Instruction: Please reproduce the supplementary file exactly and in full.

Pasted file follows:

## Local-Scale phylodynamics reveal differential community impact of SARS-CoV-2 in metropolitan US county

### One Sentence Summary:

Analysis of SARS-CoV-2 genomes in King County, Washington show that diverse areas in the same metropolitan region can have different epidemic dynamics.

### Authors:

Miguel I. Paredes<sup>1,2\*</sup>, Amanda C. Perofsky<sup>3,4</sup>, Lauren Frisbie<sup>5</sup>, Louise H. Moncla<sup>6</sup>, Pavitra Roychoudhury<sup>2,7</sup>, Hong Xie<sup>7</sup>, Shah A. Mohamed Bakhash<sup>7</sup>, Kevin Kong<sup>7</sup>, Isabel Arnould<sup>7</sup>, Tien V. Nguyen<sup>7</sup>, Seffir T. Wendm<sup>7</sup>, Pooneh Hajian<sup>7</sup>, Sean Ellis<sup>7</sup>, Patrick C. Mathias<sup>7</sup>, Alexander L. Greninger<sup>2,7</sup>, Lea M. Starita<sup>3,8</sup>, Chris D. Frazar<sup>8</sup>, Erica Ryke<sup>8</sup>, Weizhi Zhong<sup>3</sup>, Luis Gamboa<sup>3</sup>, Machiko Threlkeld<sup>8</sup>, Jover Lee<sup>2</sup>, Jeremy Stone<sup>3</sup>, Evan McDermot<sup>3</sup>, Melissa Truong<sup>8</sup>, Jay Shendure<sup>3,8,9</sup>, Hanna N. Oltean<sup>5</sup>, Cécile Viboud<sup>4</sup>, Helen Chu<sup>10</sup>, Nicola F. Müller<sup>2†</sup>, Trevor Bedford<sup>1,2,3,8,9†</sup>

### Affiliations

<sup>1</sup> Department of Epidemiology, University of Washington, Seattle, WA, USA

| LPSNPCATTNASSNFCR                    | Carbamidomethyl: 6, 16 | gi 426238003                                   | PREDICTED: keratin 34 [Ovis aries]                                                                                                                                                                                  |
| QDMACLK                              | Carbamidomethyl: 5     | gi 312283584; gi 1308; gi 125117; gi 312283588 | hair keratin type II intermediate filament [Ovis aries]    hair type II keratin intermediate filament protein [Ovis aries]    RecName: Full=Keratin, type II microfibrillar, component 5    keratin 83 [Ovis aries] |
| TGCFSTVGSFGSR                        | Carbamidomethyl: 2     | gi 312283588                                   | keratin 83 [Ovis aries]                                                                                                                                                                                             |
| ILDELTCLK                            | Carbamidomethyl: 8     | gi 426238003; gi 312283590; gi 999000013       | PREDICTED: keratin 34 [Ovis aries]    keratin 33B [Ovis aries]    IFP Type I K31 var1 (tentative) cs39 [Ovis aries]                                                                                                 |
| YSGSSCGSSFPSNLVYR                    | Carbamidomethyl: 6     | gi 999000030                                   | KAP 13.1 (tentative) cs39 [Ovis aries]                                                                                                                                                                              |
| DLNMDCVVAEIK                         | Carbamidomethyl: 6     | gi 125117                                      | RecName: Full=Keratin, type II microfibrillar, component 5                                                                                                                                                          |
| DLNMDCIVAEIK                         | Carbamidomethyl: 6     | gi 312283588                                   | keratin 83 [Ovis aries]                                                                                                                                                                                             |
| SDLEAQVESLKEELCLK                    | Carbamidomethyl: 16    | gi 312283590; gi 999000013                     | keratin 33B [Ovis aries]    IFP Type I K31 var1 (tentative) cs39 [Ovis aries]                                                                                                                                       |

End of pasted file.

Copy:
## Local-Scale phylodynamics reveal differential community impact of SARS-CoV-2 in metropolitan US county

### One Sentence Summary:

Analysis of SARS-CoV-2 genomes in King County, Washington show that diverse areas in the same metropolitan region can have different epidemic dynamics.

### Authors:

Miguel I. Paredes<sup>1,2\*</sup>, Amanda C. Perofsky<sup>3,4</sup>, Lauren Frisbie<sup>5</sup>, Louise H. Moncla<sup>6</sup>, Pavitra Roychoudhury<sup>2,7</sup>, Hong Xie<sup>7</sup>, Shah A. Mohamed Bakhash<sup>7</sup>, Kevin Kong<sup>7</sup>, Isabel Arnould<sup>7</sup>, Tien V. Nguyen<sup>7</sup>, Seffir T. Wendm<sup>7</sup>, Pooneh Hajian<sup>7</sup>, Sean Ellis<sup>7</sup>, Patrick C. Mathias<sup>7</sup>, Alexander L. Greninger<sup>2,7</sup>, Lea M. Starita<sup>3,8</sup>, Chris D. Frazar<sup>8</sup>, Erica Ryke<sup>8</sup>, Weizhi Zhong<sup>3</sup>, Luis Gamboa<sup>3</sup>, Machiko Threlkeld<sup>8</sup>, Jover Lee<sup>2</sup>, Jeremy Stone<sup>3</sup>, Evan McDermot<sup>3</sup>, Melissa Truong<sup>8</sup>, Jay Shendure<sup>3,8,9</sup>, Hanna N. Oltean<sup>5</sup>, Cécile Viboud<sup>4</sup>, Helen Chu<sup>10</sup>, Nicola F. Müller<sup>2†</sup>, Trevor Bedford<sup>1,2,3,8,9†</sup>

### Affiliations

<sup>1</sup> Department of Epidemiology, University of Washington, Seattle, WA, USA

| LPSNPCATTNASSNFCR                    | Carbamidomethyl: 6, 16 | gi 426238003                                   | PREDICTED: keratin 34 [Ovis aries]                                                                                                                                                                                  |
| QDMACLK                              | Carbamidomethyl: 5     | gi 312283584; gi 1308; gi 125117; gi 312283588 | hair keratin type II intermediate filament [Ovis aries]    hair type II keratin intermediate filament protein [Ovis aries]    RecName: Full=Keratin, type II microfibrillar, component 5    keratin 83 [Ovis aries] |
| TGCFSTVGSFGSR                        | Carbamidomethyl: 2     | gi 312283588                                   | keratin 83 [Ovis aries]                                                                                                                                                                                             |
| ILDELTCLK                            | Carbamidomethyl: 8     | gi 426238003; gi 312283590; gi 999000013       | PREDICTED: keratin 34 [Ovis aries]    keratin 33B [Ovis aries]    IFP Type I K31 var1 (tentative) cs39 [Ovis aries]                                                                                                 |
| YSGSSCGSSFPSNLVYR                    | Carbamidomethyl: 6     | gi 999000030                                   | KAP 13.1 (tentative) cs39 [Ovis aries]                                                                                                                                                                              |
| DLNMDCVVAEIK                         | Carbamidomethyl: 6     | gi 125117                                      | RecName: Full=Keratin, type II microfibrillar, component 5                                                                                                                                                          |
| DLNMDCIVAEIK                         | Carbamidomethyl: 6     | gi 312283588                                   | keratin 83 [Ovis aries]                                                                                                                                                                                             |
| SDLEAQVESLKEELCLK                    | Carbamidomethyl: 16    | gi 312283590; gi 999000013                     | keratin 33B [Ovis aries]    IFP Type I K31 var1 (tentative) cs39 [Ovis aries]                                                                                                                                       |